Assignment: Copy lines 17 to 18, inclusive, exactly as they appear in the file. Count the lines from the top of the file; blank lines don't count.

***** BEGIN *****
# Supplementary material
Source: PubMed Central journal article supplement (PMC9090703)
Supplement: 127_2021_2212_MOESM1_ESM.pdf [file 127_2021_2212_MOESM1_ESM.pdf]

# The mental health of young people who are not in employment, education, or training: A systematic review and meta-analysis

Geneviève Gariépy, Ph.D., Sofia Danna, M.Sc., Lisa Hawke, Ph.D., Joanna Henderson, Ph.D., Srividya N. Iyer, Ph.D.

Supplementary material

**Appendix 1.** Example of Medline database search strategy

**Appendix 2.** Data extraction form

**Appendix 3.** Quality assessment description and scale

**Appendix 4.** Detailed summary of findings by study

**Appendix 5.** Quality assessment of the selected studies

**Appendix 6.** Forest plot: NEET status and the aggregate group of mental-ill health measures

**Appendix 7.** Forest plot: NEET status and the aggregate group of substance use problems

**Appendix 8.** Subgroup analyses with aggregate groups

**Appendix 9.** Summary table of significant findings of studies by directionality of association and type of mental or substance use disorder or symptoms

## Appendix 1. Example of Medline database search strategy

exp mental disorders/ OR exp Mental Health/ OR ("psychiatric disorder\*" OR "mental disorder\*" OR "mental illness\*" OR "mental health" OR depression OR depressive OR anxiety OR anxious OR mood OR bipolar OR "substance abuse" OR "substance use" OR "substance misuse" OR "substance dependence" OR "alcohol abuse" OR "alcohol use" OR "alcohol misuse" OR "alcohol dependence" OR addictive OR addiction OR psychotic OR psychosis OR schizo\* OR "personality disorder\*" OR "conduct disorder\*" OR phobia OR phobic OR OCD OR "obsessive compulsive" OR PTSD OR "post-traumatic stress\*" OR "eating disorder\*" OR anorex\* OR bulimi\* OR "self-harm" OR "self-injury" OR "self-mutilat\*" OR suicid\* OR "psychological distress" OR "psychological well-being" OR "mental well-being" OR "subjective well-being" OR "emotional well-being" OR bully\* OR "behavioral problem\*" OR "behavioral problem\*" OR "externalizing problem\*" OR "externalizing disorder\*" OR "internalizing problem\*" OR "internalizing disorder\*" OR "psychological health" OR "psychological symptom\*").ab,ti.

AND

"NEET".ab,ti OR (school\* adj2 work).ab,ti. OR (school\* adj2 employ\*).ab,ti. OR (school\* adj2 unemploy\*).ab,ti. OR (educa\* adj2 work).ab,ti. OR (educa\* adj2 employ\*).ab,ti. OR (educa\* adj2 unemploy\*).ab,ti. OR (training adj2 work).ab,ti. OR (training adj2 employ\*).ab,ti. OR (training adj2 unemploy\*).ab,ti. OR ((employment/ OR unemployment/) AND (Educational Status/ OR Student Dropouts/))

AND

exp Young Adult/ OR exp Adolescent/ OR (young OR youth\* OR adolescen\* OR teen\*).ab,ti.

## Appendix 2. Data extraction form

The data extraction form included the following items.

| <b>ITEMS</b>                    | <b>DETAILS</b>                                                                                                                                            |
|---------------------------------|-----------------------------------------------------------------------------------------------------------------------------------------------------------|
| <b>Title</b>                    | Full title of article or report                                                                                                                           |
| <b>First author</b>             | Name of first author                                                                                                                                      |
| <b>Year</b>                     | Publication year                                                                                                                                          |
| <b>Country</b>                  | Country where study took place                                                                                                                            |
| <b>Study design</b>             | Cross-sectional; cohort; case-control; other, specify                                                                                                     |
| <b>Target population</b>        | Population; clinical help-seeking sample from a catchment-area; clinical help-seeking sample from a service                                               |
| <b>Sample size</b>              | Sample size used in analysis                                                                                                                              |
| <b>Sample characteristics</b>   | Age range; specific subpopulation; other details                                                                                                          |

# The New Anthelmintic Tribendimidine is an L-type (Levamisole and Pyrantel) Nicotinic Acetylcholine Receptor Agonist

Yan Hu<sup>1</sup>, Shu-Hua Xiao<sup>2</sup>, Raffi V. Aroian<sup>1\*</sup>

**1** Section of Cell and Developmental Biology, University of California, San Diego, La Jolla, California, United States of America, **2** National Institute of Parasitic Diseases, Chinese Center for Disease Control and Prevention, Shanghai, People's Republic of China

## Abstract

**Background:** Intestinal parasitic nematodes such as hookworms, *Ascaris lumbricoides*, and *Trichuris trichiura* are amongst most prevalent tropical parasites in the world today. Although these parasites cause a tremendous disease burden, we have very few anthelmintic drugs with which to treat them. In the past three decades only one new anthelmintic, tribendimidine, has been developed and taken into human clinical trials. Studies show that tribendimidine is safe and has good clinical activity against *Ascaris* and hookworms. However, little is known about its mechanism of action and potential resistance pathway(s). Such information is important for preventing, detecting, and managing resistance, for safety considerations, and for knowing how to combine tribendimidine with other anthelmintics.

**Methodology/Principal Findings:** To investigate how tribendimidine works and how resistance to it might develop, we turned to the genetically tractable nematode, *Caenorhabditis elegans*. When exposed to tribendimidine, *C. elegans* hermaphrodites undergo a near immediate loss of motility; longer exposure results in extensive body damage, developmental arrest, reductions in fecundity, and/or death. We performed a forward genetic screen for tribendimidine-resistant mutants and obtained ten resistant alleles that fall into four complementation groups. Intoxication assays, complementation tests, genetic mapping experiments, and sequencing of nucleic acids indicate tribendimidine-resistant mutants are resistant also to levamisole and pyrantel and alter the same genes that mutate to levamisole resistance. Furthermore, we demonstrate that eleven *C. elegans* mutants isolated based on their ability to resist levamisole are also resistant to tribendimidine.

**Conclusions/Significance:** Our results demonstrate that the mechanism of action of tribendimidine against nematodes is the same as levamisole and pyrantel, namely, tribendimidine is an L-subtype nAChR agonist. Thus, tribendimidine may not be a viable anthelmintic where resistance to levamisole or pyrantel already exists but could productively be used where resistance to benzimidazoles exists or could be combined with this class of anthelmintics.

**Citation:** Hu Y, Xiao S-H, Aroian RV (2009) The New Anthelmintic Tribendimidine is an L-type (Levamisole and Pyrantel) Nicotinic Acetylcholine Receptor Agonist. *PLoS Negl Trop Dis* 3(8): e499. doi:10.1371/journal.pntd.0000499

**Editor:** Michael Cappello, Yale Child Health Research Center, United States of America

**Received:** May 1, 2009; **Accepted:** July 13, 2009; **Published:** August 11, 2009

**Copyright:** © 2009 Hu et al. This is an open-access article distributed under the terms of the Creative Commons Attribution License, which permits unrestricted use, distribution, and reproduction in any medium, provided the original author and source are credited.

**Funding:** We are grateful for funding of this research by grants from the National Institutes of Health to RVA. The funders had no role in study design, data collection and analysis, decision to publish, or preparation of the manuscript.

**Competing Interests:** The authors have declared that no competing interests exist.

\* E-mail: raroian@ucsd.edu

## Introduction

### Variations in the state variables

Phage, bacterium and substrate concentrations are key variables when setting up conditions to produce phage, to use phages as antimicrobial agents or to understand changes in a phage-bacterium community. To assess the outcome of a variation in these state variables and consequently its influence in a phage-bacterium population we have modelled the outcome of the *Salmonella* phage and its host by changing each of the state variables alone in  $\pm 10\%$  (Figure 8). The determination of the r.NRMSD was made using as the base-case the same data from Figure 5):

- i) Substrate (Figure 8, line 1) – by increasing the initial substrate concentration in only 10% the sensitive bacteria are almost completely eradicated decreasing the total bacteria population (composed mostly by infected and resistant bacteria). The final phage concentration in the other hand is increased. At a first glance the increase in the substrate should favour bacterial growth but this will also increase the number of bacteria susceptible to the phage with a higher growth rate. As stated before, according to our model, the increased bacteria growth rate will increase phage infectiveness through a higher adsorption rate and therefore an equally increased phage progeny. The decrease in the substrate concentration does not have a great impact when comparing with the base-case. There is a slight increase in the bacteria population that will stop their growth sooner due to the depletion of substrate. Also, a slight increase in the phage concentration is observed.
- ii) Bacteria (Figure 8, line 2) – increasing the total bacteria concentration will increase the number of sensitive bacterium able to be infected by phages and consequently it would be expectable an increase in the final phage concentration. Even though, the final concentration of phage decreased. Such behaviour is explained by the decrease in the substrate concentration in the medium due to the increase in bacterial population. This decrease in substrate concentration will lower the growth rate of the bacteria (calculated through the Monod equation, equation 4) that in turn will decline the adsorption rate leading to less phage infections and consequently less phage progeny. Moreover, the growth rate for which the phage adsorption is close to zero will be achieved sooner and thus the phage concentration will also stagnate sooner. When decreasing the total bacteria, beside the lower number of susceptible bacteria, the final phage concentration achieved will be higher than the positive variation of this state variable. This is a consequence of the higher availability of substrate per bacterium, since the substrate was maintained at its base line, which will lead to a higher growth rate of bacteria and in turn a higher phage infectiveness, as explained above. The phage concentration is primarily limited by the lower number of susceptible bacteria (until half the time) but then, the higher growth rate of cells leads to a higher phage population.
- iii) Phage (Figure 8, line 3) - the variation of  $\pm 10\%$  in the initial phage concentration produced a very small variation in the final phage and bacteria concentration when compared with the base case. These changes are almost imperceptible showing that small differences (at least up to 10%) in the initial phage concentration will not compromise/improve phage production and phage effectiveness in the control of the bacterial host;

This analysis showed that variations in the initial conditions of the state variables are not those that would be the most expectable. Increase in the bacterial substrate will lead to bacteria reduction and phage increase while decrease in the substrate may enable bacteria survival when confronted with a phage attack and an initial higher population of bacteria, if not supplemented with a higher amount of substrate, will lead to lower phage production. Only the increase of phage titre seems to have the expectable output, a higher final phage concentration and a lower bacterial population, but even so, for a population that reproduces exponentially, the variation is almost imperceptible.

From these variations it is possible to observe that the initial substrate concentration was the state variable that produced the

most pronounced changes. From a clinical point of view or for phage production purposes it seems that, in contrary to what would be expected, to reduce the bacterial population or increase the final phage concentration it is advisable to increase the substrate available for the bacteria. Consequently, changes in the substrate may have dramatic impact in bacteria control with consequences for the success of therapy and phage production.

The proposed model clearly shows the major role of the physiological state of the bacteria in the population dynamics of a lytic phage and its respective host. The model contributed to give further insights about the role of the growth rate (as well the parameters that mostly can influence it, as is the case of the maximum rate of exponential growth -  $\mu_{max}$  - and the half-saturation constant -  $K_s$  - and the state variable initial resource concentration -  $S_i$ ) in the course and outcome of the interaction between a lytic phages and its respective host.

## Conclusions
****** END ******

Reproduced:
exp mental disorders/ OR exp Mental Health/ OR ("psychiatric disorder\*" OR "mental disorder\*" OR "mental illness\*" OR "mental health" OR depression OR depressive OR anxiety OR anxious OR mood OR bipolar OR "substance abuse" OR "substance use" OR "substance misuse" OR "substance dependence" OR "alcohol abuse" OR "alcohol use" OR "alcohol misuse" OR "alcohol dependence" OR addictive OR addiction OR psychotic OR psychosis OR schizo\* OR "personality disorder\*" OR "conduct disorder\*" OR phobia OR phobic OR OCD OR "obsessive compulsive" OR PTSD OR "post-traumatic stress\*" OR "eating disorder\*" OR anorex\* OR bulimi\* OR "self-harm" OR "self-injury" OR "self-mutilat\*" OR suicid\* OR "psychological distress" OR "psychological well-being" OR "mental well-being" OR "subjective well-being" OR "emotional well-being" OR bully\* OR "behavioral problem\*" OR "behavioral problem\*" OR "externalizing problem\*" OR "externalizing disorder\*" OR "internalizing problem\*" OR "internalizing disorder\*" OR "psychological health" OR "psychological symptom\*").ab,ti.

AND